Visu­al Arts

Trans­for­ma­tions: From Ethiopia to Israel

Ric­ki Rosen; with an essay by Micha Odenheimer
  • Review
March 26, 2012

The log­ic behind pho­tog­ra­ph­er Ric­ki Rosen’s cap­ti­vat­ing new book, Trans­for­ma­tions: From Ethiopia to Israel, is one of contrasts. 

Rosen, a pho­to­jour­nal­ist who fol­lowed the Ethiopi­an immi­gra­tion to Israel for the past two decades, divides each one of the book’s spreads into two parts: On the left-hand page, she por­trays Ethiopia’s Jews short­ly before, dur­ing, or after their moment of immi­gra­tion dur­ing Oper­a­tion Solomon in 1990; on the right, the same peo­ple, a decade and a half lat­er. On the left is Ethiopia, its earth­en-brown arid land­scapes a per­fect back­drop for the shim­mer­ing white of the tra­di­tion­al Ethiopi­an robes; on the right, Israel, a mod­ern, West­ern coun­try illu­mi­nat­ed by a panoply of colors. 

The con­trasts are often stark. Woovs­rah and Hai­monot Kalem­wort, for exam­ple, appear on the left page as two young girls, wrapped in tra­di­tion­al garb. Pho­tographed as they dis­em­barked from the plane that car­ried them from Ethiopia to Israel, the two stare at the cam­era with fright­ened, haunt­ing looks; although they are walk­ing down the stairs to the airport’s run­way, they appear frozen with dread. But there they are again on the right page, this time as young Israeli women, stu­dents of nuclear physics no less. One of them is wear­ing a pale pink top and a bub­blegum-col­ored scarf, the oth­er a kha­ki skirt and a but­ton-down shirt. In the back­ground, a well-man­i­cured lawn gives rise to an ultra­mod­ern building.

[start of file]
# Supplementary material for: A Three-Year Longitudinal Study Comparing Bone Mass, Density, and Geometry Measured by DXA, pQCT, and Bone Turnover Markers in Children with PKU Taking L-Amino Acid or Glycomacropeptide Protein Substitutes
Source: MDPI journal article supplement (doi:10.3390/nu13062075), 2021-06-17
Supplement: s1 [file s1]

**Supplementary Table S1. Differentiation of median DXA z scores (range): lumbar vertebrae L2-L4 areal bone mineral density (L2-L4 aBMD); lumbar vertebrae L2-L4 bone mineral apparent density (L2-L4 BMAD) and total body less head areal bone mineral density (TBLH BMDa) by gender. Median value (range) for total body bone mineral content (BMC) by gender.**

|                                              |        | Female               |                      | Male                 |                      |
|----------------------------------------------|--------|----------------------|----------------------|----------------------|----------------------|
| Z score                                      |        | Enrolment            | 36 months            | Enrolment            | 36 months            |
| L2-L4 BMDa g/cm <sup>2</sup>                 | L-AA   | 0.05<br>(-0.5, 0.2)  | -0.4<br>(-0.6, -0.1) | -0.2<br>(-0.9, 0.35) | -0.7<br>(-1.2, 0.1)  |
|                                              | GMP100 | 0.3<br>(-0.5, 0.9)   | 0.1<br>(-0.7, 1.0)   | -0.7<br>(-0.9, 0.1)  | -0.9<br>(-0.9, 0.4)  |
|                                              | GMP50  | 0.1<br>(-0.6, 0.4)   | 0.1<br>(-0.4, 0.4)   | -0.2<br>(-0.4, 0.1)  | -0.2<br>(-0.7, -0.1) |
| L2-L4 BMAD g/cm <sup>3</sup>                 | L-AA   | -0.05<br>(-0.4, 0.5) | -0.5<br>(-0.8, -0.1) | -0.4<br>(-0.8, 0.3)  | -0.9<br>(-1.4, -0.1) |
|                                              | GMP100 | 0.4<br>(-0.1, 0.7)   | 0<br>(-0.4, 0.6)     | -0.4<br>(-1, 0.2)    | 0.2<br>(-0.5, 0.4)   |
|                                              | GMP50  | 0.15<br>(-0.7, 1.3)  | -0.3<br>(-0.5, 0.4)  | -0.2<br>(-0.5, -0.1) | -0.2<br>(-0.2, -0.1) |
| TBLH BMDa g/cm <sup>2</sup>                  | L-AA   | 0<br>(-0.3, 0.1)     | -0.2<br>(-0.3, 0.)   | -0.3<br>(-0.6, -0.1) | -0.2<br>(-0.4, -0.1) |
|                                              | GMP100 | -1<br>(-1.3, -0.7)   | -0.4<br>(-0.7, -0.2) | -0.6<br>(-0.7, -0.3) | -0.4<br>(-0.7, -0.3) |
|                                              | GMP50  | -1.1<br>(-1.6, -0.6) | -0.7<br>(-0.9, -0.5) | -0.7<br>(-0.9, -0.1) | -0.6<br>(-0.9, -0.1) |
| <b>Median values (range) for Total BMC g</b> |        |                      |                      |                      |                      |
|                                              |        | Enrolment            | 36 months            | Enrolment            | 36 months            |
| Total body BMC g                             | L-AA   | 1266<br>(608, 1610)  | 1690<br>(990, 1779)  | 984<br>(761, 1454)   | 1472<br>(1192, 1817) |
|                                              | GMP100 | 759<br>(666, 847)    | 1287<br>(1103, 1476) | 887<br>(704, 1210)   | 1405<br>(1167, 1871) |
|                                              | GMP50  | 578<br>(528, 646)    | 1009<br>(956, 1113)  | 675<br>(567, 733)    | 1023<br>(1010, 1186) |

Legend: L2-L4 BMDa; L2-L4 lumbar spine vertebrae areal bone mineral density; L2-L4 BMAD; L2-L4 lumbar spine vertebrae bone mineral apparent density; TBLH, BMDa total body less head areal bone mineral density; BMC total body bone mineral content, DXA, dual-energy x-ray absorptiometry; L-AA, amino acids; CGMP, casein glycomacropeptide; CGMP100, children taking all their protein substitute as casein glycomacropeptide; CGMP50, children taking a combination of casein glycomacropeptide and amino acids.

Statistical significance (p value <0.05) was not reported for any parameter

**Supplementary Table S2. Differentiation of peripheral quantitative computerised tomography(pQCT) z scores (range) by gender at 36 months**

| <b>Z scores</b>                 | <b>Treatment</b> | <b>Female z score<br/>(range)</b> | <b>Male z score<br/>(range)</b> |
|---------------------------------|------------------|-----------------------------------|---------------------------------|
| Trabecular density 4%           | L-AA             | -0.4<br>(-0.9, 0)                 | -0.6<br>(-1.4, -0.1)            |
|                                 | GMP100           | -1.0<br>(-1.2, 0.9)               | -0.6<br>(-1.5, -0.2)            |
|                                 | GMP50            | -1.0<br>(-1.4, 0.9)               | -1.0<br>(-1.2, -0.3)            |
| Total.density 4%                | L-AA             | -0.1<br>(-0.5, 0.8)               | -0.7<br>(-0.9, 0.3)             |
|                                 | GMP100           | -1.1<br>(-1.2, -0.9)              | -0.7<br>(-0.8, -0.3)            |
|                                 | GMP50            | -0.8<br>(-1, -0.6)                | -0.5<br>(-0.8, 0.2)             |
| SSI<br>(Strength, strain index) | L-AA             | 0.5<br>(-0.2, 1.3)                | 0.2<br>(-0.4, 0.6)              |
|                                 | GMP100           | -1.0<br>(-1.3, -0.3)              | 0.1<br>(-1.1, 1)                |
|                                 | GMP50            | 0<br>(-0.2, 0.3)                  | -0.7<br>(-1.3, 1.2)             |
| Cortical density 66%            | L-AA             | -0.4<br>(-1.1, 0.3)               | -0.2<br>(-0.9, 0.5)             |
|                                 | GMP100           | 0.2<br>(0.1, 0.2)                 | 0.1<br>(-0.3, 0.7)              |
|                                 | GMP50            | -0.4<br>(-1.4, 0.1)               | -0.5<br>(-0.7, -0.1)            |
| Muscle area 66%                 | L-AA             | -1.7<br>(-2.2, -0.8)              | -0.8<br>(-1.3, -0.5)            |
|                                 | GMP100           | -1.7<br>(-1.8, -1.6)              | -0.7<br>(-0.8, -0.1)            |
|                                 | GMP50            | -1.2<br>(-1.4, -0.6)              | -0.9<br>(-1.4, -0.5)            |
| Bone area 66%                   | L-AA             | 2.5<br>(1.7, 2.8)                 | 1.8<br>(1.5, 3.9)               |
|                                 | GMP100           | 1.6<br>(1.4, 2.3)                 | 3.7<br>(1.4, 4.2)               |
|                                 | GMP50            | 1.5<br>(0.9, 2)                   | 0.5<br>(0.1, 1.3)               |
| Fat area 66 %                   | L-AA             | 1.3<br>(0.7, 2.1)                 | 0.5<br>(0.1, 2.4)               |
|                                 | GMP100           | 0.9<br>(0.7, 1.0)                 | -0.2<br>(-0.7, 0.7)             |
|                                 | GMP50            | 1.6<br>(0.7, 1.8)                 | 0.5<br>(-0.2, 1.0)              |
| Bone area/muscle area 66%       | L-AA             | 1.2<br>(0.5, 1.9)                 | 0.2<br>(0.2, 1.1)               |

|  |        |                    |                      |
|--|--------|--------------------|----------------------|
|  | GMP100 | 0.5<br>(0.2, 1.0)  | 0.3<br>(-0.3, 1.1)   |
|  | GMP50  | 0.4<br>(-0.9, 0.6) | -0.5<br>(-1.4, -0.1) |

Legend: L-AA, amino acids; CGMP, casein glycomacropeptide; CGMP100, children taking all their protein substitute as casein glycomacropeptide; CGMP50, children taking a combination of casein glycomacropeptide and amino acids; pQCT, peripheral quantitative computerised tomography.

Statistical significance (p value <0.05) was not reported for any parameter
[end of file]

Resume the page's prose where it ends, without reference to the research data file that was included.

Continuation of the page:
As the eye hops from one end of the spread to the oth­er, from the air­port scene in 1990 to the cam­pus idyll in 2004, a strong and clear emo­tion gush­es up the throat, one of instinc­tu­al, trib­al pride. This, after all, is the strongest imag­in­able visu­al­iza­tion of the idea of Israel as the Promised Land: A shel­ter that could take in a pair of scared chil­dren, dri­ven out of their native coun­try by per­se­cu­tion, and give them the fer­tile ground they need to thrive and be happy. 

But the true strength of Trans­for­ma­tions lies in its refusal to suc­cumb to such rosy, uncom­pli­cat­ed, and, ulti­mate­ly, false views of the Ethiopi­an exo­dus. As Rosen under­stands only too well, immi­gra­tion — any immi­gra­tion — is a painful and thorny process, one that fre­quent­ly fails and, even when it suc­ceeds, exacts a cost­ly price. 

That price is reflect­ed in the face of Tagenya Kabadeh; pic­tured in a ser­pen­tine line out­side the Israeli embassy in Addis Aba­ba in 1990, Kabadeh’s sunken eyes are dim, his expres­sion one of pro­found sad­ness. He looks like a man with­out joy, with­out luck, with­out hope. Four­teen years lat­er, he is pho­tographed stand­ing out­side a mall in Rehovot, Israel. He is hold­ing shop­ping bags in his hand, a plain brown shirt hav­ing replaced the white robe. But his expres­sion remains the same. Kabadeh, one sens­es, is now dri­ven to despair not by Ethiopia’s exis­ten­tial dan­gers but by Israel’s more mun­dane but equal­ly press­ing hard­ships, its fast-paced com­mer­cial­ism and esca­lat­ing cost of liv­ing. As he stands next to a col­or­ful bill­board, Kabadeh’s strug­gle is silent but inescapable. 

And this, pre­cise­ly, is the virtue of Rosen’s book: From its very first pages — a series of haunt­ing can­did shots doc­u­ment­ing the actu­al immi­gra­tion process, accom­pa­nied by an insight­ful and illu­mi­nat­ing essay by Rab­bi Micha Oden­heimer — Rosen com­bines the artist’s pierc­ing eye with the journalist’s unmit­i­gat­ed hon­esty, giv­ing us a panoram­ic view — at times inspir­ing, at oth­ers heart­break­ing — of one of the most sem­i­nal moments in con­tem­po­rary Jew­ish life.

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